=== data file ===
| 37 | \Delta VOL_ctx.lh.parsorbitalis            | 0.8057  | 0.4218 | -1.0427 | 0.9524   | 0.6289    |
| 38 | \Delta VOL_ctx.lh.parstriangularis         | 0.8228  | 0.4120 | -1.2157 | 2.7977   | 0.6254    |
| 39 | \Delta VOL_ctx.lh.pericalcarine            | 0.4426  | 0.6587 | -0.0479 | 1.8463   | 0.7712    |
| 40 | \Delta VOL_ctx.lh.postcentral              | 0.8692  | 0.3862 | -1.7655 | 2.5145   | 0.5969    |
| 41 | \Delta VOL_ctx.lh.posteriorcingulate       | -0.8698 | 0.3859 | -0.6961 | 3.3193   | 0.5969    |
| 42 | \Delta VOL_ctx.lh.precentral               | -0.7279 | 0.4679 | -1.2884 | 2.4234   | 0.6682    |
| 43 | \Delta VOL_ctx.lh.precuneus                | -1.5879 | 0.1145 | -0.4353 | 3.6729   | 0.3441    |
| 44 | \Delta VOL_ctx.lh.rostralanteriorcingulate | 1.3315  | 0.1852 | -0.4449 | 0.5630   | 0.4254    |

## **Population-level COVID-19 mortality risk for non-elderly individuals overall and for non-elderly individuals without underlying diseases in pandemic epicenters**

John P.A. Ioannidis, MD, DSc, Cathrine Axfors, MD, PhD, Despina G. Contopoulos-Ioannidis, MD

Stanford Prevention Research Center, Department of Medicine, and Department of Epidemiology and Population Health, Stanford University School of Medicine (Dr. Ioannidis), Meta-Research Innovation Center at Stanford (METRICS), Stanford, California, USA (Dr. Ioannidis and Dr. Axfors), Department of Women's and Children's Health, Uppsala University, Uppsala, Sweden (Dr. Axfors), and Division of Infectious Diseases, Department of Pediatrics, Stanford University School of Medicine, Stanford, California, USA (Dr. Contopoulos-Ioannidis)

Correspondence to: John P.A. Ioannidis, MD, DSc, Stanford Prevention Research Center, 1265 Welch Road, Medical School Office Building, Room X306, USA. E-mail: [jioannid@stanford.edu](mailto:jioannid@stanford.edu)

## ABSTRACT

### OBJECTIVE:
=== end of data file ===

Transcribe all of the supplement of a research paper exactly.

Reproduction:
| 37 | \Delta VOL_ctx.lh.parsorbitalis            | 0.8057  | 0.4218 | -1.0427 | 0.9524   | 0.6289    |
| 38 | \Delta VOL_ctx.lh.parstriangularis         | 0.8228  | 0.4120 | -1.2157 | 2.7977   | 0.6254    |
| 39 | \Delta VOL_ctx.lh.pericalcarine            | 0.4426  | 0.6587 | -0.0479 | 1.8463   | 0.7712    |
| 40 | \Delta VOL_ctx.lh.postcentral              | 0.8692  | 0.3862 | -1.7655 | 2.5145   | 0.5969    |
| 41 | \Delta VOL_ctx.lh.posteriorcingulate       | -0.8698 | 0.3859 | -0.6961 | 3.3193   | 0.5969    |
| 42 | \Delta VOL_ctx.lh.precentral               | -0.7279 | 0.4679 | -1.2884 | 2.4234   | 0.6682    |
| 43 | \Delta VOL_ctx.lh.precuneus                | -1.5879 | 0.1145 | -0.4353 | 3.6729   | 0.3441    |
| 44 | \Delta VOL_ctx.lh.rostralanteriorcingulate | 1.3315  | 0.1852 | -0.4449 | 0.5630   | 0.4254    |

## **Population-level COVID-19 mortality risk for non-elderly individuals overall and for non-elderly individuals without underlying diseases in pandemic epicenters**

John P.A. Ioannidis, MD, DSc, Cathrine Axfors, MD, PhD, Despina G. Contopoulos-Ioannidis, MD

Stanford Prevention Research Center, Department of Medicine, and Department of Epidemiology and Population Health, Stanford University School of Medicine (Dr. Ioannidis), Meta-Research Innovation Center at Stanford (METRICS), Stanford, California, USA (Dr. Ioannidis and Dr. Axfors), Department of Women's and Children's Health, Uppsala University, Uppsala, Sweden (Dr. Axfors), and Division of Infectious Diseases, Department of Pediatrics, Stanford University School of Medicine, Stanford, California, USA (Dr. Contopoulos-Ioannidis)

Correspondence to: John P.A. Ioannidis, MD, DSc, Stanford Prevention Research Center, 1265 Welch Road, Medical School Office Building, Room X306, USA. E-mail: [jioannid@stanford.edu](mailto:jioannid@stanford.edu)

## ABSTRACT

### OBJECTIVE: